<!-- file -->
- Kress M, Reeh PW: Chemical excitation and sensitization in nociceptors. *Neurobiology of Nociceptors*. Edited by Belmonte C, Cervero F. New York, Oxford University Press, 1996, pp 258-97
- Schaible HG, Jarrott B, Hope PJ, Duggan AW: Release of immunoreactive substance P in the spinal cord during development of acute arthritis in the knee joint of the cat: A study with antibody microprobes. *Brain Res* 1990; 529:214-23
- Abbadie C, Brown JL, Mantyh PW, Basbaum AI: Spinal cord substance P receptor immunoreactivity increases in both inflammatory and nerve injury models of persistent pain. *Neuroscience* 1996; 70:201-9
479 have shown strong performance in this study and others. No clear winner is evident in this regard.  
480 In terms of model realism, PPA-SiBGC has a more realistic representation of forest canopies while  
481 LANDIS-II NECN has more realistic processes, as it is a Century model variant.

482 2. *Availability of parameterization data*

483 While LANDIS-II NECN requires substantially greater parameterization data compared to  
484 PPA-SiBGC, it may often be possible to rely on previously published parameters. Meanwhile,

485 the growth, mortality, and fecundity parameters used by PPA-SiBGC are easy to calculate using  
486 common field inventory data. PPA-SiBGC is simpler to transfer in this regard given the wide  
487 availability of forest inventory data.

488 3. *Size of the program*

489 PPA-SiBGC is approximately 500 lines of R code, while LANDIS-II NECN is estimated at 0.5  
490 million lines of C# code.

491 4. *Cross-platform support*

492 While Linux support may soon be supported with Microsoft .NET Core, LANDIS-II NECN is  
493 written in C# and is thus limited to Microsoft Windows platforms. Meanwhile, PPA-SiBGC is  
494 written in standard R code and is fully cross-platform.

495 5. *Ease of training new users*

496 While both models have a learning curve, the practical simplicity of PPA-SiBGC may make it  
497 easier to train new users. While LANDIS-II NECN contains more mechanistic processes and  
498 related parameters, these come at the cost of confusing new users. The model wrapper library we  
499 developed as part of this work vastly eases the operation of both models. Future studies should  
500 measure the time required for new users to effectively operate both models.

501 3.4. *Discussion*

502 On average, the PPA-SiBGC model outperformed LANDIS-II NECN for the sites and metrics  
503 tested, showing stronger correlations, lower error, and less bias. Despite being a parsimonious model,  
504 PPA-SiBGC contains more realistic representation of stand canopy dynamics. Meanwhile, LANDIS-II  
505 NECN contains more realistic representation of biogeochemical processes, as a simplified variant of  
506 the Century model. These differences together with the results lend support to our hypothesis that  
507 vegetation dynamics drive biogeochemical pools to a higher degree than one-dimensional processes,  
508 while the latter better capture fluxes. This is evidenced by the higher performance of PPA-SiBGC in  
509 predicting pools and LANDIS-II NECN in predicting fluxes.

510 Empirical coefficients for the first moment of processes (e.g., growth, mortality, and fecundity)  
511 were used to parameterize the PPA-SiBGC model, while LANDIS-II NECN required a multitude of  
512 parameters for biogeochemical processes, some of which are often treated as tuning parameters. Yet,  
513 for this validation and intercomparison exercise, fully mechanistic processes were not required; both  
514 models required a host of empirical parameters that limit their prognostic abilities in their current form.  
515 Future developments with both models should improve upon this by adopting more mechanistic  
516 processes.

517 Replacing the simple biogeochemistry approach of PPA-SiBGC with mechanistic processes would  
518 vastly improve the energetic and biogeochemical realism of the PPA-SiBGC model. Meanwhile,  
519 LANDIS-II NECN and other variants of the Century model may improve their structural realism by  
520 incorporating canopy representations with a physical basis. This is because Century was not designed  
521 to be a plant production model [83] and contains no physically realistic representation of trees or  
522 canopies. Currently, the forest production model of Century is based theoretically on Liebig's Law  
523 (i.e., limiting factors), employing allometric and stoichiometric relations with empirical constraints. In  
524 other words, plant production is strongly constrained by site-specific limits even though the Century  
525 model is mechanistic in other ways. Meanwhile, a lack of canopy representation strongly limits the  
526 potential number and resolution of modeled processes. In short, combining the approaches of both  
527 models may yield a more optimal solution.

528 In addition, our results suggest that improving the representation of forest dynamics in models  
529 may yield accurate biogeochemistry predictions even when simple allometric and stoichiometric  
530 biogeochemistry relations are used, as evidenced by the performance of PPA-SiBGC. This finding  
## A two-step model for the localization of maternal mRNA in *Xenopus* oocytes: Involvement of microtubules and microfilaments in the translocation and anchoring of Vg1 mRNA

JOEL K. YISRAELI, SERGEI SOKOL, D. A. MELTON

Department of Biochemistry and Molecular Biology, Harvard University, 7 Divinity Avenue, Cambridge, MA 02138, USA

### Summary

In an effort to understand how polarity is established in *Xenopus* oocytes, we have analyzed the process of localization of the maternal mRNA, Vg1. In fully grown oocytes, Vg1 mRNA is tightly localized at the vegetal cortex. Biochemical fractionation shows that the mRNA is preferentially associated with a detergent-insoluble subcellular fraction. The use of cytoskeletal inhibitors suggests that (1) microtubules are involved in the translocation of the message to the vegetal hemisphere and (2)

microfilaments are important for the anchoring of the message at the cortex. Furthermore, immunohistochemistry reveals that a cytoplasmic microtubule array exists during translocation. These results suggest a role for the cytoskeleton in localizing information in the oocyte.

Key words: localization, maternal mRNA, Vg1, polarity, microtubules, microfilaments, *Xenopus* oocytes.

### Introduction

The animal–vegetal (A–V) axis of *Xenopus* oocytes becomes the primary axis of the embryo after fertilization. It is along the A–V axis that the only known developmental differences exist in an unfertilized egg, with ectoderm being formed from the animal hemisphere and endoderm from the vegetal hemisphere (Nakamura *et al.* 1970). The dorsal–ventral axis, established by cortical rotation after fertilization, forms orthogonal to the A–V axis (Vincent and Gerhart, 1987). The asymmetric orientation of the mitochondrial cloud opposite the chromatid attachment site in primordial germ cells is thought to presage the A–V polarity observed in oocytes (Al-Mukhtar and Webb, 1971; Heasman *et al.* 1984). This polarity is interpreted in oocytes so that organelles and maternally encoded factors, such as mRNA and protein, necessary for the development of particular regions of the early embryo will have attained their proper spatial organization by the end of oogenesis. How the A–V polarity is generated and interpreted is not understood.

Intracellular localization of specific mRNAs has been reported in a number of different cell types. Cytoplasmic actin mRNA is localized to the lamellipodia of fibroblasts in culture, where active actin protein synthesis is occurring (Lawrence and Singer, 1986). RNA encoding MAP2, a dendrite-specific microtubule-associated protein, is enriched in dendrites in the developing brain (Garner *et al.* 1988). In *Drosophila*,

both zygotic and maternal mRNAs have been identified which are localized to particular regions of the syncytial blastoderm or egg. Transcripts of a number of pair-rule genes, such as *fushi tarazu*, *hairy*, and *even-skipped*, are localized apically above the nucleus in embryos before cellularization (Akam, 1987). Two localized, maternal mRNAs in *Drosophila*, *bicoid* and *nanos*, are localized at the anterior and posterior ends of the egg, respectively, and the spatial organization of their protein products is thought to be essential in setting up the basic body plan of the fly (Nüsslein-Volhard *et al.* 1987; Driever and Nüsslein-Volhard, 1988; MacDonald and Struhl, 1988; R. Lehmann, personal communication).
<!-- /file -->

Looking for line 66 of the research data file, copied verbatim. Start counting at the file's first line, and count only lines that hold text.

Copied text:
both zygotic and maternal mRNAs have been identified which are localized to particular regions of the syncytial blastoderm or egg. Transcripts of a number of pair-rule genes, such as *fushi tarazu*, *hairy*, and *even-skipped*, are localized apically above the nucleus in embryos before cellularization (Akam, 1987). Two localized, maternal mRNAs in *Drosophila*, *bicoid* and *nanos*, are localized at the anterior and posterior ends of the egg, respectively, and the spatial organization of their protein products is thought to be essential in setting up the basic body plan of the fly (Nüsslein-Volhard *et al.* 1987; Driever and Nüsslein-Volhard, 1988; MacDonald and Struhl, 1988; R. Lehmann, personal communication).